This year’s CES has dredged up some memories. I had assumed that as one becomes old they are supposed to become used to memories of a young vigorous person that shared their body and memories leaving little else except some scars and some old stale socks lying around plus 2 or 3 pictures to prove it was in fact not a series of hallucinations. Turns out you don’t get used to it, you just endure.
30 Years ago was our CES: Commodore had the reputation of showing something new every CES and this was a time when a Home Computer meant a Consumer Computer. I have written before about how we endeavored to make sure other’s failures didn’t become ours and we did in fact make it, just in time, to the ’85 CES with what became our flagship computer, at least for the next 4 days.
To the Very Last Minute
When I say made it just in time I am counting people hand carrying the last ten or so homebrewed and MOS cooked 80 column chips either the night before or that very morning. The C128 computers where waiting lined up and open in the room seen below; cases agape much like a row of baby birds waiting on whatever engorgement MOS had come up with for us as the seconds counted down.
And then finally we stood on the second floor of our booth (yes they built a 2 story structure for us in a couple of hours the night before) surveying the now working computers; C128’s and the never released LCD machine, when the last “issue” before the doors opened arrived; a Marketing person (panting) telling us of “yet another C128 failure” though she couldn’t actually point to any previous computers that had failed. We wouldn’t let her continue with her complaint until she retracted the previous general statement of failure, more on principle than actual meanness.
As with most highly technical in-the-field fixes this one was something to remember. My last act of “the ’85 CES show” became the simple motion of walking up to the “failed” computer station and pressing the key changing the C128 back to 40 column mode, especially important since it only had a 40 column monitor attached to it.
End of Line
Then something happened: We were done. I felt sub-processes actually end that had been consuming both CPU and I/O for months, I was suddenly unencumbered by the next “must fix”. I didn’t have a next task to pop from the stack… the phrase “End of Line” came to mind.
I was 24, in Las Vegas and had just delivered one of the major products for the best computer company in the world to the only show that mattered to us. I started walking towards the door with the uncommonly bright Las Vegas sun streaming through the windows. There were lines of people around the block waiting to enter, but the exit was completely unobstructed.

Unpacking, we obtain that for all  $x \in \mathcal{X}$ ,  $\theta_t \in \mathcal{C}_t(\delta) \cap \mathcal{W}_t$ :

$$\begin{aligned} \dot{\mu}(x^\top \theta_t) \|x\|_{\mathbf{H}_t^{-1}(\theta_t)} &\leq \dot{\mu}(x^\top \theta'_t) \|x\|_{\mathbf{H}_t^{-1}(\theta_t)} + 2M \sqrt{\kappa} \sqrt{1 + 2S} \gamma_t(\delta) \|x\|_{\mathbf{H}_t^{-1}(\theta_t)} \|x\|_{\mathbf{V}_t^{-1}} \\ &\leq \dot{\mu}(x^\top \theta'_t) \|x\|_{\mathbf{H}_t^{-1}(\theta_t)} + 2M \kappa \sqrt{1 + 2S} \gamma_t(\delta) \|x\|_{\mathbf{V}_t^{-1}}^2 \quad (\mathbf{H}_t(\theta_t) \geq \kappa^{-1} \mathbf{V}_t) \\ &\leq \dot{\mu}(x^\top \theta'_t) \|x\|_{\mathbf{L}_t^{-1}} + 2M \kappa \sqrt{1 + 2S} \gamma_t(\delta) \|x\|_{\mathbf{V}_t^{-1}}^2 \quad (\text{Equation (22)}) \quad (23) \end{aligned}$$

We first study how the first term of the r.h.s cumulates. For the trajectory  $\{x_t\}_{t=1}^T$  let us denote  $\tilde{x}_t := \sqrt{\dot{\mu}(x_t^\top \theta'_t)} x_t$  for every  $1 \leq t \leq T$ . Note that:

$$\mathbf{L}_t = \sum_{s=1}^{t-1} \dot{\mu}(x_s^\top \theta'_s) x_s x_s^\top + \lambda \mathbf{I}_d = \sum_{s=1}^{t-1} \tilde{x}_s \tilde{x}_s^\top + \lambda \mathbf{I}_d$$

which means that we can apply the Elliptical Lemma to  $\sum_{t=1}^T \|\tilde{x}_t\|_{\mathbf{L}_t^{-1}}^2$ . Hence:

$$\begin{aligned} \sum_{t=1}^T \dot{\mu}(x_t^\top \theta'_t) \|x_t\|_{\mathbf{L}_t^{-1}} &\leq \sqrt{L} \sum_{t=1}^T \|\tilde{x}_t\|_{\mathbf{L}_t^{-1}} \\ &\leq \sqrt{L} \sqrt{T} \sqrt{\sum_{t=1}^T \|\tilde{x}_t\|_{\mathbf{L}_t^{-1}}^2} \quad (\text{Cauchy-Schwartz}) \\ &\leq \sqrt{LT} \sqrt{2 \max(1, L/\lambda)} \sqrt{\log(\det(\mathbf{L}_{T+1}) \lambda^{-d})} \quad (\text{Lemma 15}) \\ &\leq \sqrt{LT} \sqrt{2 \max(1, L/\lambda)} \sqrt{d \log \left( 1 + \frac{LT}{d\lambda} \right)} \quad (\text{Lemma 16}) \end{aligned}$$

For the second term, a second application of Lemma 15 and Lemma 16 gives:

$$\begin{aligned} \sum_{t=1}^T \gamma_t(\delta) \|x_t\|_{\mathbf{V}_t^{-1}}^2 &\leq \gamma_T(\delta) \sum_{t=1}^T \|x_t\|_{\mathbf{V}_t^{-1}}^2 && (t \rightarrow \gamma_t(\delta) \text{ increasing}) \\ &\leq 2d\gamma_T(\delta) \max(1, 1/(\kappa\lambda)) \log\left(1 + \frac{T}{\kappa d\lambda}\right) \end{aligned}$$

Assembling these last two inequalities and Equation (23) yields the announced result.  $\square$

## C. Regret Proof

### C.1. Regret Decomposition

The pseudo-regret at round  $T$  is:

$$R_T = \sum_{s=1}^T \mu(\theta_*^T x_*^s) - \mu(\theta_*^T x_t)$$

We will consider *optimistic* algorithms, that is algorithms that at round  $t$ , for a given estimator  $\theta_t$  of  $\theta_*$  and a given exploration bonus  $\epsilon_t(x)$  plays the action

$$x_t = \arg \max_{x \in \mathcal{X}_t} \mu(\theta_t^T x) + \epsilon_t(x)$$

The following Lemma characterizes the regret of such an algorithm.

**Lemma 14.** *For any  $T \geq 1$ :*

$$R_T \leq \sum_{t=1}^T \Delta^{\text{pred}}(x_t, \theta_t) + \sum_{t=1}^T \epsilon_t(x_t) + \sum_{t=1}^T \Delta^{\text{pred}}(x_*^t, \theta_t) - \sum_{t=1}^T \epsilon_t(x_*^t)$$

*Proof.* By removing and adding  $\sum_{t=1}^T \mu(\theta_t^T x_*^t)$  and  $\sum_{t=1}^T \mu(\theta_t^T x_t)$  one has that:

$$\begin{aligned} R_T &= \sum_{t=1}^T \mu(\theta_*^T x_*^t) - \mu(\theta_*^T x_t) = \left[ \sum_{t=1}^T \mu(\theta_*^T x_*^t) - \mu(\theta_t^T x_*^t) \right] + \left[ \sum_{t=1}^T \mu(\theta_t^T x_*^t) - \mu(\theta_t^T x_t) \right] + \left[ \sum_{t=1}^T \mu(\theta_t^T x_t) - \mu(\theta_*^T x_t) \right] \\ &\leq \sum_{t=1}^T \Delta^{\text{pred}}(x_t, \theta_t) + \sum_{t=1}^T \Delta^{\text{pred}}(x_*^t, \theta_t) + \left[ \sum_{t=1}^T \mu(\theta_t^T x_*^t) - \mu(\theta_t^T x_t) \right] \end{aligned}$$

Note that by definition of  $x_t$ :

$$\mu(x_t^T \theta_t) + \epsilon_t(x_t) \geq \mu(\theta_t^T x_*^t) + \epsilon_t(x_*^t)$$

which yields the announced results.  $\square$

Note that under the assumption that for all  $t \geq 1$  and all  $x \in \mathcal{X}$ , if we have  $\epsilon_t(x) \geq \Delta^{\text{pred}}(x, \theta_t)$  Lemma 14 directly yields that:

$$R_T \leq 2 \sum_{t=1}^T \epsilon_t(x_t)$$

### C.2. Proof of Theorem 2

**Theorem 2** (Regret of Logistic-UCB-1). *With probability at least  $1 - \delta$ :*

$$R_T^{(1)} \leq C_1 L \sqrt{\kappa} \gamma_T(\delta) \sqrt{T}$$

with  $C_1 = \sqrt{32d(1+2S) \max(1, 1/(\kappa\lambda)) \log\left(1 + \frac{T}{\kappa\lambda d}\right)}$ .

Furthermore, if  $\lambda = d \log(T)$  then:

I buried myself in Las Vegas in a way that only youth, testosterone, and adrenaline can enable.
Making the Rounds
I won’t report here much of what all was done over the next days as I understand that for some things the statute of limitations never truly runs out, but inspired by [Mike’s] reporting of visiting the suites of the companies I will relate one small tale here: I had grabbed my best friend and fellow hardware designer who was the father of the 1581 disk drive, also successfully released on this day, and headed out. With the 6’8” [Greg Berlin] (grandson of the designer of the Curtis Wright P-40 Warhawk) in tow we started hitting the floors of the local hotels looking for the suites of the “important” companies that never managed to personally invite us. We had a secret weapon that opened doors as if bribed; not in Greg’s towering presence but in the simple phrase: “we’re from Commodore”.
Doors fully opened that had previously opened only 12-14 inches only to stop on the shoe of the doorman, and 5.25” floppies were stuffed in our pockets like the $20 bills of a VIP trying to impress his date. The suite that comes to mind was that of Electronic Arts (EA). With backslaps and copies of this year’s (and a few of last year’s) C64 game floppies shoved in our pockets we were welcomed like old friends; appointments were made and more than a couple of chugging contests were held. They lost or at least didn’t better us as we were young and full of testosterone.
As we made ready to leave the good folk of EA, after making sure that we would swing by their booth the next day (we did), they asked if there was anything they could get for us. This may sound like a strange or gratuitous question but I had already spied the case of Michelob (a beer from the early days of 1 micron silicon) and was pointing to it before the question was fully uttered. EA grabbed the case with no hesitation as I turned to face the door so he could set the case of teardrop shaped bottles on my shoulder for me.
Back out into Las Vegas we went with Electronic Art’s beer on my shoulder… It was a good CES.